But then I don’t think open source is motivated by contractually stipulated monetary reward. It’s more of an artistic expression, a pride in workmanship. Yes it does offer professional exposure, but I don’t think the best and most prolific contributors are fixated on that. They think to themselves, “I’m making this software well and no short-term business objective is going to get in my way. Everyone will see this and be pleased.”

            Stars are thus saying, “You’ve made something beautiful and true.” It’s shared appreciation, online applause for a performance that has collectively elevated the audience and the performers.

            However, to continue the concert analogy, great performances do typically sell tickets. This is where open source doesn’t hold up. It’s as if they audience asks, “Can we get in for free if we just clap really loud?”

            I believe that existing web patronage models are a failure. Look at the average Patreon page – the scale of donations are like an alternate reality. Maintainers collecting like $100 per month total for stunning expertise that provides huge time savings for users worldwide. The fundamental problem with the Patreon model is that the developer has relinquished their leverage the moment they release code under an open license.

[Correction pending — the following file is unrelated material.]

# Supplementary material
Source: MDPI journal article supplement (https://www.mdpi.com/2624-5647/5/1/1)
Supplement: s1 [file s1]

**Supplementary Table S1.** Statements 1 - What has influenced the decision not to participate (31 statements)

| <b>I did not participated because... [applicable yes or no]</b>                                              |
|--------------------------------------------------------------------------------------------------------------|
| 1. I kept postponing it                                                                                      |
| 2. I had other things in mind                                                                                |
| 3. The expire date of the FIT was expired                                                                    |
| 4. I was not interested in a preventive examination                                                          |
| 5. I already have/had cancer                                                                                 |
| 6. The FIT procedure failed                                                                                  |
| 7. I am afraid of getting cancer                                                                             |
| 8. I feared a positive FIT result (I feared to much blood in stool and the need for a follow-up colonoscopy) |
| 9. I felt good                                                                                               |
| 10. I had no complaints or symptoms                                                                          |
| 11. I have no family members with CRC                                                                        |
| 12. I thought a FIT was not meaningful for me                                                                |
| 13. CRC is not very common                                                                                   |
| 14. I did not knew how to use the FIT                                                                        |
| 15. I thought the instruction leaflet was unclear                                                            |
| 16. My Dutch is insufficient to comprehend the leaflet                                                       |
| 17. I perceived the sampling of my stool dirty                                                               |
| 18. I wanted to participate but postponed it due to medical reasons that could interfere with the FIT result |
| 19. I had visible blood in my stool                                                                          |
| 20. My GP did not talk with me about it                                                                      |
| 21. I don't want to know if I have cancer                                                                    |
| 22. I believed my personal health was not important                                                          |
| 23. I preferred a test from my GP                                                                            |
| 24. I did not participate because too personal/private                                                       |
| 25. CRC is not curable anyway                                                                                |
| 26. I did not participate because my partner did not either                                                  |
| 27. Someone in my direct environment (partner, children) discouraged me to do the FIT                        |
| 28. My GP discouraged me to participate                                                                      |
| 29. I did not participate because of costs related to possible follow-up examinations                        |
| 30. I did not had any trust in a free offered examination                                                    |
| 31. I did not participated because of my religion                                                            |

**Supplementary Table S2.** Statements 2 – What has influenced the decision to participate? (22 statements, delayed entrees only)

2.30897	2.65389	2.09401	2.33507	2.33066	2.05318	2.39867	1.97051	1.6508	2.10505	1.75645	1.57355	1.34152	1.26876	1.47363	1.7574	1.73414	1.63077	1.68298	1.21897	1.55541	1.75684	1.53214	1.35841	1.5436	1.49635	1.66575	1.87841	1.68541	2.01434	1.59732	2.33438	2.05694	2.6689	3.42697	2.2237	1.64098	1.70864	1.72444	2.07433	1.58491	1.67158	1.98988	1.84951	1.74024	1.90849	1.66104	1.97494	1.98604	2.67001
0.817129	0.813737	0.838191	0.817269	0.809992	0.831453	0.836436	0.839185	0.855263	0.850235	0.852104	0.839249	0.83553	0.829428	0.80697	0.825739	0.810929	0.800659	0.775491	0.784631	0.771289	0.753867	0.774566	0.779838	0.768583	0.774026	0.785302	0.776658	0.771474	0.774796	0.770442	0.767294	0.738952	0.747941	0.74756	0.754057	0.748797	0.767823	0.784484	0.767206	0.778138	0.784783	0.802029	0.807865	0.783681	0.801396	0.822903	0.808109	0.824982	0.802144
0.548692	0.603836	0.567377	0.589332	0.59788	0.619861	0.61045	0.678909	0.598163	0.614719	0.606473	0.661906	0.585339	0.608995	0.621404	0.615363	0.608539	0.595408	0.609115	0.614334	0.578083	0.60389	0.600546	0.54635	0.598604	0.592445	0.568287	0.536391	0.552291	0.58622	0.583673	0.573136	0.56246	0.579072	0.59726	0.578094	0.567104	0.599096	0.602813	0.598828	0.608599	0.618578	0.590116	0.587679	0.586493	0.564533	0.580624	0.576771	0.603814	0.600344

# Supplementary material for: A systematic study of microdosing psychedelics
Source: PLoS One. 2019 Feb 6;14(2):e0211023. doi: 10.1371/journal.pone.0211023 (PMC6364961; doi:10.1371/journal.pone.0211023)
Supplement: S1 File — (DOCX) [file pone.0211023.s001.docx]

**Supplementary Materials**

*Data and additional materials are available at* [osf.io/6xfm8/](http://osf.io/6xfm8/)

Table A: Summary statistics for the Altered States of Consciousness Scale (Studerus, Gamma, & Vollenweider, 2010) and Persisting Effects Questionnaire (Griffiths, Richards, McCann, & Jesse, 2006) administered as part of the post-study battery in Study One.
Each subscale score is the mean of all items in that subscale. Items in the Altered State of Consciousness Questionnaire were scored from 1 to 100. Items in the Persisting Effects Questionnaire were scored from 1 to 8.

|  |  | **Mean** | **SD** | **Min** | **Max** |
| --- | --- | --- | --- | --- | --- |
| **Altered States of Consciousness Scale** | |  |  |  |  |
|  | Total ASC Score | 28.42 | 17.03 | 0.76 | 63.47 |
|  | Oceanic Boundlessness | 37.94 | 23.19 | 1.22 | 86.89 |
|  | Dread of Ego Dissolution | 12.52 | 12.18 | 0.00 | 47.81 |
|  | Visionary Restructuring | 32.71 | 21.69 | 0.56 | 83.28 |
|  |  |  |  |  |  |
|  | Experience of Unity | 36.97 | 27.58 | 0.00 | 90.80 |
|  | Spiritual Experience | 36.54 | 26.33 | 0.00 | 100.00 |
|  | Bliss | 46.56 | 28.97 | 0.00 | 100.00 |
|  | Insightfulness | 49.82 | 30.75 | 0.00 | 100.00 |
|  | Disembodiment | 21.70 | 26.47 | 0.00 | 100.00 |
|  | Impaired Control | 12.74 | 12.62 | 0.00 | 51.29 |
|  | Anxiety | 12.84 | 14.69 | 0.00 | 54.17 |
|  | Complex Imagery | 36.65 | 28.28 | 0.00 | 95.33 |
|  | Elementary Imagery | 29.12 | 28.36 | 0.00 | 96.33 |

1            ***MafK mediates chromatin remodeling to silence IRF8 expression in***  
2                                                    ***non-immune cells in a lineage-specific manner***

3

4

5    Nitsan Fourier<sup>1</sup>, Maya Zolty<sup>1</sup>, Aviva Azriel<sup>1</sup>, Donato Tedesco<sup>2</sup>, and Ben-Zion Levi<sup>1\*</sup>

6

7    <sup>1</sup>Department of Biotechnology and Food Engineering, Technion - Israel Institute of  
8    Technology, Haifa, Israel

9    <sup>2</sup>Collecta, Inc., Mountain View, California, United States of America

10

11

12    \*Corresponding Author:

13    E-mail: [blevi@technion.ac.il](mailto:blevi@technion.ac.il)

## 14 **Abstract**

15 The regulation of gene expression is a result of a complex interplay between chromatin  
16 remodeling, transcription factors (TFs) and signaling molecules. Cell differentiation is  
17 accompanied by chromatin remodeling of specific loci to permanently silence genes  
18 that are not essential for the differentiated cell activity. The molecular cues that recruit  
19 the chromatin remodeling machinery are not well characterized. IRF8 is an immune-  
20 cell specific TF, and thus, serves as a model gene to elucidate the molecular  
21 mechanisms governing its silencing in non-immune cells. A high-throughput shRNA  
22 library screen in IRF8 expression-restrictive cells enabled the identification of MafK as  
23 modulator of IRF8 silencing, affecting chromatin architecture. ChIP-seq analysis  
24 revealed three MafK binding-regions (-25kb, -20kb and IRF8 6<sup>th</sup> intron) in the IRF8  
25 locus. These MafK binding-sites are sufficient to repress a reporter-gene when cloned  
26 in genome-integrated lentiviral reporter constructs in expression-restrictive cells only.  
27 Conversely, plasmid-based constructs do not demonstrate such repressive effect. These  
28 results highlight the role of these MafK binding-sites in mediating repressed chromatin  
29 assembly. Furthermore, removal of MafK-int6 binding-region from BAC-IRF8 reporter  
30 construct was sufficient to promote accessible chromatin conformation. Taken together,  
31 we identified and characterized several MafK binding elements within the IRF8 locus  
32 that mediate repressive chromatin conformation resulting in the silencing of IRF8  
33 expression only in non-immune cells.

If I put myself in the shoes of the would-be patrons for a moment, I can totally see their side. Maintainers and bloggers begging for money are ubiquitous, and their requests are vague. After all, they kind of started their projects for nothing and apparently that was good enough for them, so their plea rings hollow.

            I believe that the only effective model for being paid for open source maintenance is to stop work after a certain point and negotiate contracts with specific people or companies to work on specific features. The idea is that the initial work on a project (which brings it to popularity) is the investment that allows you both to create artistry and gain leverage for future consulting.